Alert raised by northbound train

Train 1T08 had departed on time from Aberdeen and then from a scheduled stop at Stonehaven. After departing Stonehaven, the train continued past Carmont on the southbound line until it was stopped by the signaller at Carmont, using a radio message. This was because the signaller had just received a report from the driver of a train on the northbound line that a landslip was obstructing the southbound line (designated ‘up’).

The decision was taken to return it to Aberdeen, and it was routed back over a crossover at Carmont onto the down line. After travelling for approximately 1.4 miles (2.25 km), the train struck another landslip covering the down line and derailed. As the track curved to the right, the train continued in a roughly straight line for around 100 yards (90 metres) until it struck a section of bridge parapet, which was destroyed. The leading power car continued over the bridge and then fell from the railway down a wooded embankment, as did the third passenger carriage. The first passenger carriage came to rest on its roof, having rotated to be at right angles to the track. The second passenger carriage also overturned onto its roof and came to rest on the first carriage. The fourth passenger carriage remained upright and attached to the rear power car; it also came to rest on the first carriage. All wheelsets of the rear power car derailed, but it remained upright.

Investigations underway

Despite the difficulty of access, rescue services were quickly on the scene. The travel restrictions necessitated by the coronavirus pandemic limited the passenger load to a tiny fraction of the two hundred who may have been on board under normal circumstances. The service is popular with oil industry workers coming off duties in the North Sea and travelling to other parts of Scotland.

“It’s the job of the RAIB, the UK’s independent rail accident investigation body, to identify the immediate and underlying causes of the accident, and to make safety recommendations to reduce the risk to the UK’s travelling public and rail employees alike”, said Simon French from the RAIB. “Thankfully, fatal derailments are a rare occurrence on the UK’s national network. However, landslips and other earthworks failures remain a risk to trains that need to be constantly managed – and this is becoming even more challenging for the rail industry due to the increasing incidence of extreme weather events. We have an expert team at the site of the derailment who are gathering the evidence that is needed to understand what happened, and why. They share my determination to pursue every line of enquiry, to analyse the evidence, and to identify important safety learning.”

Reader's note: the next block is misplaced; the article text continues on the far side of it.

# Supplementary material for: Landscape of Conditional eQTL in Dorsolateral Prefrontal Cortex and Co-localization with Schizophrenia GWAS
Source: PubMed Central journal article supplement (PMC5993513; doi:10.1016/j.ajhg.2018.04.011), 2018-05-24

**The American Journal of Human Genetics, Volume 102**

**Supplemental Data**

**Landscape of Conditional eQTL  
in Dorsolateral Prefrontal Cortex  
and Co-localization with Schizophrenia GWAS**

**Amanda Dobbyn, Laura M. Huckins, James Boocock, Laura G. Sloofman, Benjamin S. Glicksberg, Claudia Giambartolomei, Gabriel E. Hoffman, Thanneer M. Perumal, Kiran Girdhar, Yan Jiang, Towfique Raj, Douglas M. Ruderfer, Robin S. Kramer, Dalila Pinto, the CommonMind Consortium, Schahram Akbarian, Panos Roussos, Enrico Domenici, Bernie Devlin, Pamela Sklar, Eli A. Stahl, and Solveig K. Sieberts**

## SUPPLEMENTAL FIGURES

Quick report draws no conclusions

The Rail Accident Investigations has been unusually quick to issue a detail initial report, clearly reflecting the severity of the incident. Questions will undoubtedly be raised about the underlying conditions in the embankment and cutting. It is understood that Network Rail, the national infrastructure management agency, had undertaken work in the area just over a year ago. Unconfirmed reports say they had been made aware of issues in the area.

Their managing director Andrew Haines, has already instructed a wide-ranging inspection of all similar steep earthworks across the network. “My heart goes out to everyone affected by this tragedy, especially the friends and families of the three people who died and those that are injured”, he said. “I want to express my thanks to my colleagues at Network Rail, the British Transport Police and all the emergency services who responded so quickly and professionally and continue to do so. Questions are inevitably being asked as to how this could happen and I am determined that we understand the circumstances that led to this devastating event. It’s too early to draw conclusions but it is critical that we investigate thoroughly and with care, and work closely with rail safety authorities, to make sure this can’t happen again.”

The train involved was an original InterCity 125 High Speed Train. The fast diesel train sets, commonly known as ‘HSTs’, were originally designed and introduced in the late 1970s for express workings across the UK. Scotland’s Railway has leased several sets, refurbished them to a high specification, and operates them in four and five coach formations on prestige domestic services. They are branded Inter7City, in recognition of the diagrams operated. Although capable of 125 mph (200 kph) their power to weight ratio is the main advantage on the slower and steeply graded Scottish network, with multiple stops.

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Author: Simon Walton